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The British Occupation of Hong Kong (Before 1900)

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The British Occupation of Hong Kong: an Overview

First settlers were found in Hong Kong 7,000 years ago, but this was rarely mentioned in the long history of China because of its remote location. After the First Opium War and the cession of Hong Kong Island, Hong Kong became an important trade port and played a special role in modern Chinese history.

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(1) Hong Kong before the British Occupation

The history of Hong Kong dates from 7,000 years ago. A number of archaeological excavations and a large quantity of unearthed cultural relics showed that there was cultural development in the Hong Kong territory in ancient times.

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(2) Hong Kong Became a Hub of Opium Smuggling

Before the First Opium War, Western capitalist countries led by Britain smuggled large quantities of opium into China to create a market for their products. Hong Kong waters became a hub of opium smuggling.

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(3) The Battle of Kowloon and the Battle of Kwun Chung

Three skirmishes between China and Britain took place before the First Opium War: the Battle of Kowloon, the Battle of Chuenpi and the Battle of Kwun Chung. Two of these battles were fought in the Hong Kong territory.

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(4) The Cession of Hong Kong Island to Britain

As a result of losing the First Opium War, the Qing government signed the Treaty of Nanking with Britain on 29 August 1842. The Article 3 of the Treaty stipulated the cession of Hong Kong Island to Britain.

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(5) The Cession of Kowloon to Britain

In October 1860, the Anglo-French alliance entered Beijing and burnt down the Old Summer Palace. The Qing government was forced to sign the Conventions of Peking. The Article 6 of the Sino-British Convention of Peking stipulated the cession of Kowloon to Britain.

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(6) The Lease of the New Territories

On 9 June 1898, China and Britain signed the Convention Between Great Britain and China Respecting an Extension of Hong Kong Territory. China was forced to lease the New Territories to Britain for 99 years, with the lease set to expire on 30 June 1997.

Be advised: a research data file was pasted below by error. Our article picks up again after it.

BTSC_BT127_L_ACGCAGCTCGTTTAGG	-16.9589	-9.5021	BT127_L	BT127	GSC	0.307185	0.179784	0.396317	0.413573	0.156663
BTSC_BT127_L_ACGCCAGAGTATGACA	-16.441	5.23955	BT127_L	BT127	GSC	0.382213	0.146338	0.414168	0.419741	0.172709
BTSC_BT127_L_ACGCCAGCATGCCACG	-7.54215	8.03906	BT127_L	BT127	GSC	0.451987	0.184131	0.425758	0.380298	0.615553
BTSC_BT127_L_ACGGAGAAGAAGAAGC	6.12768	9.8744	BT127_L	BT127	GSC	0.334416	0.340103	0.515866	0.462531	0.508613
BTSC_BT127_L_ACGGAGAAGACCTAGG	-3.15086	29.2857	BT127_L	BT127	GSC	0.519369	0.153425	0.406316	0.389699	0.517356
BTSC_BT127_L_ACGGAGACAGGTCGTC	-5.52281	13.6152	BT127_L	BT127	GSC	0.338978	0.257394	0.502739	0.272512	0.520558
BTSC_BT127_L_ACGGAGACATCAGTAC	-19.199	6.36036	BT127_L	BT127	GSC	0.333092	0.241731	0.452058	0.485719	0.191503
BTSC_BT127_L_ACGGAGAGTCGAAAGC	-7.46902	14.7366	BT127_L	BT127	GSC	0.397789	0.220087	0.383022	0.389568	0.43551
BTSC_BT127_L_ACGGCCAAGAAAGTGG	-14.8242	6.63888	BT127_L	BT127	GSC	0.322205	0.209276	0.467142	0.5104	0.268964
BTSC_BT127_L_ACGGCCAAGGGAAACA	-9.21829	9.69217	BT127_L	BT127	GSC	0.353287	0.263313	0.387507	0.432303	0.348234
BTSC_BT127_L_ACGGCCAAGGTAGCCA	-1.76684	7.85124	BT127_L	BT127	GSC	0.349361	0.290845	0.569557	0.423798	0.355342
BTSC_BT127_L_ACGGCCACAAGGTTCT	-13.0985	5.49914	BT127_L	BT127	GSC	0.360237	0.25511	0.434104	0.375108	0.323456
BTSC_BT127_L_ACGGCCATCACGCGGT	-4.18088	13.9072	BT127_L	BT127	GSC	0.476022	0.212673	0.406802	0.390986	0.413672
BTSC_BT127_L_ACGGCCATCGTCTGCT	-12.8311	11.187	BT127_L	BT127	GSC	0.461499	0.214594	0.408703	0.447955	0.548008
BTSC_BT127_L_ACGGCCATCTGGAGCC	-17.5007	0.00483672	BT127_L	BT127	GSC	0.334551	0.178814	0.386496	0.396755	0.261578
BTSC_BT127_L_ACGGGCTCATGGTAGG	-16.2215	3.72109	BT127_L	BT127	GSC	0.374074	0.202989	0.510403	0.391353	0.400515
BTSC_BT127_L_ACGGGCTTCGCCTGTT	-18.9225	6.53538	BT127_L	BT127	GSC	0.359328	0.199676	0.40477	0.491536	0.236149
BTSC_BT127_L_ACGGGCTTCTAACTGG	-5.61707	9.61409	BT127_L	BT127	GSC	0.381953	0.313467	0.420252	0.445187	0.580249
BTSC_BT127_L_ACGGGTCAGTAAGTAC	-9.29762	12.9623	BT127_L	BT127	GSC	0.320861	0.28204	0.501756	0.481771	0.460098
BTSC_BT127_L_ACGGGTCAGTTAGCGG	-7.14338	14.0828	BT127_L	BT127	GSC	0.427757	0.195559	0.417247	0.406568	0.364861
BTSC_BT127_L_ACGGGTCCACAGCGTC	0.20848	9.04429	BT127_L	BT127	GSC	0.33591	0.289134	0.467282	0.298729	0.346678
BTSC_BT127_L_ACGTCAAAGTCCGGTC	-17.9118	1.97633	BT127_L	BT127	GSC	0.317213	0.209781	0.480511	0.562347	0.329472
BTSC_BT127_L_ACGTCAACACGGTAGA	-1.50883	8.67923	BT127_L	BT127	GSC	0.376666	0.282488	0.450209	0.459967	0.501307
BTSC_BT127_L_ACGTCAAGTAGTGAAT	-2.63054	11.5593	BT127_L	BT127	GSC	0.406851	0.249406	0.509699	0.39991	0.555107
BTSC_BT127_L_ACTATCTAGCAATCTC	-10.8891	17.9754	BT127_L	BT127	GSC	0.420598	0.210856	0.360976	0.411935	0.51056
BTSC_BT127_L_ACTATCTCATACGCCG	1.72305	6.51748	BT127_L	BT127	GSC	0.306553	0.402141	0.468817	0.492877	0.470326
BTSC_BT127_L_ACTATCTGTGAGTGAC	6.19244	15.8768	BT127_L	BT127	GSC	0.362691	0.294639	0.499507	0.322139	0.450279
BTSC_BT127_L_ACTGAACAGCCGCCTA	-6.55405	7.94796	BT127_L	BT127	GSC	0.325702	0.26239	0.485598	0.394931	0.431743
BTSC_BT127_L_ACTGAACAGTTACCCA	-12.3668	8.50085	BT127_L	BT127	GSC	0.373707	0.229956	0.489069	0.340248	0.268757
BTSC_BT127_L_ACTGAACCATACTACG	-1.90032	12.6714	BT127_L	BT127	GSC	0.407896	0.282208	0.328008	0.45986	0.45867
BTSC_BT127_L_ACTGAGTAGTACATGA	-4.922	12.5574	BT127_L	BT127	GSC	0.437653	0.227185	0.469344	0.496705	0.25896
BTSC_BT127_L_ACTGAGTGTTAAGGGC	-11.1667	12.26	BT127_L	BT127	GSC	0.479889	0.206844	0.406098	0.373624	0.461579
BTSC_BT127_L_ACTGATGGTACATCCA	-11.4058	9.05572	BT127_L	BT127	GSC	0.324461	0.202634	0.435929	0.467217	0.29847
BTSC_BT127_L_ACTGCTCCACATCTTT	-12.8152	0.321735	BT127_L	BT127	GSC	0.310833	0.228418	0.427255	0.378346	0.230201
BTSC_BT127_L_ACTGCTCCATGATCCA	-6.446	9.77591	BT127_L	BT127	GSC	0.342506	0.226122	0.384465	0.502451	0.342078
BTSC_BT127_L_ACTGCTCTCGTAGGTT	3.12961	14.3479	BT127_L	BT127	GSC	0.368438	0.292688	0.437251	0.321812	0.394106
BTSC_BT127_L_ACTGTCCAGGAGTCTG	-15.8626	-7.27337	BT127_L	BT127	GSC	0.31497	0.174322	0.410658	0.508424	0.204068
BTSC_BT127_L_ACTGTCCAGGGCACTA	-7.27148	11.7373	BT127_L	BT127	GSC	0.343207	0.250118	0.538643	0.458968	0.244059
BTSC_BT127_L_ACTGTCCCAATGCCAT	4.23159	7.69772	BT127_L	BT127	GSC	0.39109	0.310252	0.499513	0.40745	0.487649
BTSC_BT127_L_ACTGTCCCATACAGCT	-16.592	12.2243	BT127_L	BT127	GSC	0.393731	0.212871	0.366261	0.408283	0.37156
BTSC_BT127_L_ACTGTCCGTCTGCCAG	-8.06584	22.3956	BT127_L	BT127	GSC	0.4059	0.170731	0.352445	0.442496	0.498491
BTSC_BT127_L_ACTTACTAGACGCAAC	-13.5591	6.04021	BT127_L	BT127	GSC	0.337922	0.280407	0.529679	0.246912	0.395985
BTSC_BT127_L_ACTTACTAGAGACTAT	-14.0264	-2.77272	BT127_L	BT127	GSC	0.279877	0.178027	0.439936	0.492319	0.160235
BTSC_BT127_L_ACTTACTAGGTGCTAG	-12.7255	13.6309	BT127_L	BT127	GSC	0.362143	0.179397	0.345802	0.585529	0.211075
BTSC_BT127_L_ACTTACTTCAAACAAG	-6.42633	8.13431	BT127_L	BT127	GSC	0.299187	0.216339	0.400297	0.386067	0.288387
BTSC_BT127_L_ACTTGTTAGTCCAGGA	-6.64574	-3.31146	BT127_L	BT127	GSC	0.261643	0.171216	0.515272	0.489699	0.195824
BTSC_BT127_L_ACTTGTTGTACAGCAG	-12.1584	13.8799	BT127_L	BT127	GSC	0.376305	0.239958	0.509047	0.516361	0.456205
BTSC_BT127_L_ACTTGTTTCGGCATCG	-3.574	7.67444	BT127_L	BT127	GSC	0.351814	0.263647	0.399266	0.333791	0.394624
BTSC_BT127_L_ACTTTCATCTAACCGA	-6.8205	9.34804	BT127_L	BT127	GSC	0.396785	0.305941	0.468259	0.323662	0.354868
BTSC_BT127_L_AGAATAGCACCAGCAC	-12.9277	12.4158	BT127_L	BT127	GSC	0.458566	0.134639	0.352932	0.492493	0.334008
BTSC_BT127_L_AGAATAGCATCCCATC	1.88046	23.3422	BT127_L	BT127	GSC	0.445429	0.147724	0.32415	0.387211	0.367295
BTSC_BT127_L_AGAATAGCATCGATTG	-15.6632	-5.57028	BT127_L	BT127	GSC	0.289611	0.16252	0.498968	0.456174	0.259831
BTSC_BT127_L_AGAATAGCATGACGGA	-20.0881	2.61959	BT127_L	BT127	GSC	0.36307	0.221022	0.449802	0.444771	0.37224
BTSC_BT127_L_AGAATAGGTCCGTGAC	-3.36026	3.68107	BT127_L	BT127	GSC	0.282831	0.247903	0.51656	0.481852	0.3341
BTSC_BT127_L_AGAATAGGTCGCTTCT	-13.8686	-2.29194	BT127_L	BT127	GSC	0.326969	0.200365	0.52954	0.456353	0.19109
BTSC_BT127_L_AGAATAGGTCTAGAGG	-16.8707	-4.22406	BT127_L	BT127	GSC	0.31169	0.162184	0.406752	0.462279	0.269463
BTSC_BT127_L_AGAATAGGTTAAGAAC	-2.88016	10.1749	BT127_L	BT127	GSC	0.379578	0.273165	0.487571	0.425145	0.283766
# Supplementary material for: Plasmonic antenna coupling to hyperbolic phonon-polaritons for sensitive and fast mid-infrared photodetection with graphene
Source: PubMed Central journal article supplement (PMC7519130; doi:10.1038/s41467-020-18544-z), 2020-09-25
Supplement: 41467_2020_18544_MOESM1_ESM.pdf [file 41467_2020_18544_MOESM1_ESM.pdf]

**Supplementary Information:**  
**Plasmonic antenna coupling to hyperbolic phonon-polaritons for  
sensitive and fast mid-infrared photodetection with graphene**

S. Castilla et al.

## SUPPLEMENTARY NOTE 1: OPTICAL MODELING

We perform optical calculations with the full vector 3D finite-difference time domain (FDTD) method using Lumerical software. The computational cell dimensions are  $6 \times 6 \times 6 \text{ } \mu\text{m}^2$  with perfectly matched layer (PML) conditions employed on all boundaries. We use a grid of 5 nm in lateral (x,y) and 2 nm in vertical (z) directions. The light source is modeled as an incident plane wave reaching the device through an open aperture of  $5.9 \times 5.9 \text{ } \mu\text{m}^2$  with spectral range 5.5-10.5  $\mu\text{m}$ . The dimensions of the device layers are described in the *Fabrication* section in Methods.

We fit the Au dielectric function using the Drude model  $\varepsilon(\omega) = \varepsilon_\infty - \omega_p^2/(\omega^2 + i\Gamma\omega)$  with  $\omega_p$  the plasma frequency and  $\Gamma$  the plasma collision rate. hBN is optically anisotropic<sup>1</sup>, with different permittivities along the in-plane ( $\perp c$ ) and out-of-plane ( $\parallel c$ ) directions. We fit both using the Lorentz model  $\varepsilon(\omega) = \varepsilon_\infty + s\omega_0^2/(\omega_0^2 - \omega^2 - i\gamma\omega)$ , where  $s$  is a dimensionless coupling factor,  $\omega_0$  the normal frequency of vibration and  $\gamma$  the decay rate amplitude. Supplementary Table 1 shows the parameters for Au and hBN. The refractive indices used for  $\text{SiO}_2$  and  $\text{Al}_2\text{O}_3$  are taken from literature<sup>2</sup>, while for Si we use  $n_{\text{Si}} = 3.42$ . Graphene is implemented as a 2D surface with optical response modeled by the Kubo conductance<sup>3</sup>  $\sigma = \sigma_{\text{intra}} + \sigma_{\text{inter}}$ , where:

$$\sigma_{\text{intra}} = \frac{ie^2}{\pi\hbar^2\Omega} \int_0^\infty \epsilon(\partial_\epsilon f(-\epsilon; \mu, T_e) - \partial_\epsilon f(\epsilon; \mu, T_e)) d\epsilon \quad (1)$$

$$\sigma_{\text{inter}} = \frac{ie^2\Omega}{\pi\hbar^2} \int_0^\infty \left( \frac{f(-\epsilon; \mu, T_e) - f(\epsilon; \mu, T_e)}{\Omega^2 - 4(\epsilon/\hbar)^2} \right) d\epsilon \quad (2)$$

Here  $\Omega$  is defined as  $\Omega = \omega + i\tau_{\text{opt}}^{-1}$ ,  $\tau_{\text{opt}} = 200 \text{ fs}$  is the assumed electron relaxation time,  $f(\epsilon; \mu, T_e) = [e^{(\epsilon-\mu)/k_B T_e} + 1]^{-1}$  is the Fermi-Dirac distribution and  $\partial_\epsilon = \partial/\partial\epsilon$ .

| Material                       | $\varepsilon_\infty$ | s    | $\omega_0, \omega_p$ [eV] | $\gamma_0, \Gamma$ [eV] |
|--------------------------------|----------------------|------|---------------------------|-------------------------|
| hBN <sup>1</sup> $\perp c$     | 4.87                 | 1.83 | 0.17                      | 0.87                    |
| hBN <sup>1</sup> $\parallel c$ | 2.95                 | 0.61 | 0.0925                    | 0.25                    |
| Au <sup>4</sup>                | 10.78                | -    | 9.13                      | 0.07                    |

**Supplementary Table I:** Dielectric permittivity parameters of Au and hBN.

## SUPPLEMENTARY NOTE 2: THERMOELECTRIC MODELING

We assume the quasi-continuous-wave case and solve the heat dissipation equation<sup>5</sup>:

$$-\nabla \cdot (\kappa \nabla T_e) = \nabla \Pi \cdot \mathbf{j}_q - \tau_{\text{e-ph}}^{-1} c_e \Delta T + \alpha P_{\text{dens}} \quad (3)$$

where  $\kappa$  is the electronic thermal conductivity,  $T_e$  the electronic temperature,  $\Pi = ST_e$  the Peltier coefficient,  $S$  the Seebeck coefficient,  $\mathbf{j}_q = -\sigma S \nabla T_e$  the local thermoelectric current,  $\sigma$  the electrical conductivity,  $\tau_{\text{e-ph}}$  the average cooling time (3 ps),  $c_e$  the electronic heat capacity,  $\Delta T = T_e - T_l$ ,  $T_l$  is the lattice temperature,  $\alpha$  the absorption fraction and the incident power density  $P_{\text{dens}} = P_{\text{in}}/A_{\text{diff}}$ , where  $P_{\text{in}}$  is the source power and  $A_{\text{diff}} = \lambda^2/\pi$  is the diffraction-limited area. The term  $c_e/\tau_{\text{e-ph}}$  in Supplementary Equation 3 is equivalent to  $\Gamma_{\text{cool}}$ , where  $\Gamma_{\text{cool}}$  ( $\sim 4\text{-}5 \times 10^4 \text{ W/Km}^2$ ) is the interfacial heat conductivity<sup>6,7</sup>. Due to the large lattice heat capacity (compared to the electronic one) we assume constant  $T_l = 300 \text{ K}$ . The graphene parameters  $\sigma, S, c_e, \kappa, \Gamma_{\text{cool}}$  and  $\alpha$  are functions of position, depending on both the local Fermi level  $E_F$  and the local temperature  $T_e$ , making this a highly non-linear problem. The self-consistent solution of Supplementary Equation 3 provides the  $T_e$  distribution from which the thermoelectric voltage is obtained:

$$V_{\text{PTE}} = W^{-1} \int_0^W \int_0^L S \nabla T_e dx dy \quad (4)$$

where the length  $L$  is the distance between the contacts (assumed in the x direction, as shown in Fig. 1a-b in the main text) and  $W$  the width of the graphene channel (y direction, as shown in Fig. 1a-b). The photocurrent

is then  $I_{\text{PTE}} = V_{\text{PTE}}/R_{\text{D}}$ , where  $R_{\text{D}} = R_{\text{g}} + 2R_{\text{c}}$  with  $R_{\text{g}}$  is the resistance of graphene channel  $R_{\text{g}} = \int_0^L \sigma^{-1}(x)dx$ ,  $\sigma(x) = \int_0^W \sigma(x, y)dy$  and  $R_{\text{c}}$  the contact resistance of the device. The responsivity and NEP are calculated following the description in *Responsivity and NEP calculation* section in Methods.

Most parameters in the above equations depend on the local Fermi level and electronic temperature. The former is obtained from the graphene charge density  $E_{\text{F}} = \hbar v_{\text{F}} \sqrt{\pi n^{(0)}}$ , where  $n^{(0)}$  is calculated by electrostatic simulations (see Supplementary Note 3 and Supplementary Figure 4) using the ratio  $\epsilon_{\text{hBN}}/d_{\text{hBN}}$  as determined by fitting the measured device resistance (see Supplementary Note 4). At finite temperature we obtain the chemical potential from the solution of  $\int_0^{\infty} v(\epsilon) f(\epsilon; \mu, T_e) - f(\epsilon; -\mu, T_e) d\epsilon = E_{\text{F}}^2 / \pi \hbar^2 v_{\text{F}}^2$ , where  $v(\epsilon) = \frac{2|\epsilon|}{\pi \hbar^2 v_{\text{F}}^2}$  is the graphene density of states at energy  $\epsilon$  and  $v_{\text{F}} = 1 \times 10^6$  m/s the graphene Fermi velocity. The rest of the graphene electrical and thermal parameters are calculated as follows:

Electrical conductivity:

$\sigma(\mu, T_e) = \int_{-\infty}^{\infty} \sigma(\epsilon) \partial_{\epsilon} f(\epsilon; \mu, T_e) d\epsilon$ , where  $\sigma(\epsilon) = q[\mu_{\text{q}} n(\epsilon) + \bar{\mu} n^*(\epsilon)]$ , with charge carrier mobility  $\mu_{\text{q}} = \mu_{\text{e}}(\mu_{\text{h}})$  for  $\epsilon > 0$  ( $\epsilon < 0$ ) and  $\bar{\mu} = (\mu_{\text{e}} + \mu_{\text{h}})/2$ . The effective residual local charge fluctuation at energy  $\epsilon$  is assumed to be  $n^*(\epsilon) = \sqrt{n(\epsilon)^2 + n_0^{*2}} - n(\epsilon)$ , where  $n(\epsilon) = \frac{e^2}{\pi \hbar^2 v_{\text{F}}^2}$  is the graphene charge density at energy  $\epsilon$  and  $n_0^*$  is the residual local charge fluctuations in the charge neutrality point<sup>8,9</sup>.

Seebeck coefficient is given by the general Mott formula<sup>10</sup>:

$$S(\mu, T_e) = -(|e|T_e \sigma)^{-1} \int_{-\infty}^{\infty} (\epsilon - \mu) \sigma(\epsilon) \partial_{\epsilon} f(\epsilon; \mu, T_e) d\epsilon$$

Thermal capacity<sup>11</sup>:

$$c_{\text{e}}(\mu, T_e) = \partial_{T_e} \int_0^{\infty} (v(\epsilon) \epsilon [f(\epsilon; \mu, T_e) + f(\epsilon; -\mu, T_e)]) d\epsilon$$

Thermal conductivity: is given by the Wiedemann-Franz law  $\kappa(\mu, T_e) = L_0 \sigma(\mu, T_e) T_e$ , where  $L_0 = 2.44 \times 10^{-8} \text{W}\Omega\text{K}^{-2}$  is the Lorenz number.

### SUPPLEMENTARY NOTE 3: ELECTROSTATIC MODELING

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(7) The Issue of Kowloon City

The Convention Between Great Britain and China Respecting an Extension of Hong Kong Territory signed in 1898 retained China’s legal jurisdiction of Kowloon City. At the strong insistence of successive Chinese governments, Britain was hesitant to materialise its intention to violate the Convention to take over the place.

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The British Occupation of Hong Kong: an Overview

First settlers were found in Hong Kong 7,000 years ago, but this was rarely mentioned in the long history of China because of its remote location. After the First Opium War and the cession of Hong Kong Island, Hong Kong became an important trade port and played a special role in modern Chinese history.

The British Occupation of Hong Kong: an Overview

First settlers were found in Hong Kong 7,000 years ago, but this was rarely mentioned in the long history of China because of its remote location. After the First Opium War and the cession of Hong Kong Island, Hong Kong became an important trade port and played a special role in modern Chinese history.

(1) Hong Kong before the British Occupation

The history of Hong Kong dates from 7,000 years ago. A number of archaeological excavations and a large quantity of unearthed cultural relics showed that there was cultural development in the Hong Kong territory in ancient times.

(2) Hong Kong Became a Hub of Opium Smuggling

Before the First Opium War, Western capitalist countries led by Britain smuggled large quantities of opium into China to create a market for their products. Hong Kong waters became a hub of opium smuggling.

(3) The Battle of Kowloon and the Battle of Kwun Chung

Three skirmishes between China and Britain took place before the First Opium War: the Battle of Kowloon, the Battle of Chuenpi and the Battle of Kwun Chung. Two of these battles were fought in the Hong Kong territory.

(4) The Cession of Hong Kong Island to Britain

As a result of losing the First Opium War, the Qing government signed the Treaty of Nanking with Britain on 29 August 1842. The Article 3 of the Treaty stipulated the cession of Hong Kong Island to Britain.

(5) The Cession of Kowloon to Britain

In October 1860, the Anglo-French alliance entered Beijing and burnt down the Old Summer Palace. The Qing government was forced to sign the Conventions of Peking. The Article 6 of the Sino-British Convention of Peking stipulated the cession of Kowloon to Britain.

(6) The Lease of the New Territories

On 9 June 1898, China and Britain signed the Convention Between Great Britain and China Respecting an Extension of Hong Kong Territory. China was forced to lease the New Territories to Britain for 99 years, with the lease set to expire on 30 June 1997.

(7) The Issue of Kowloon City

The Convention Between Great Britain and China Respecting an Extension of Hong Kong Territory signed in 1898 retained China’s legal jurisdiction of Kowloon City. At the strong insistence of successive Chinese governments, Britain was hesitant to materialise its intention to violate the Convention to take over the place.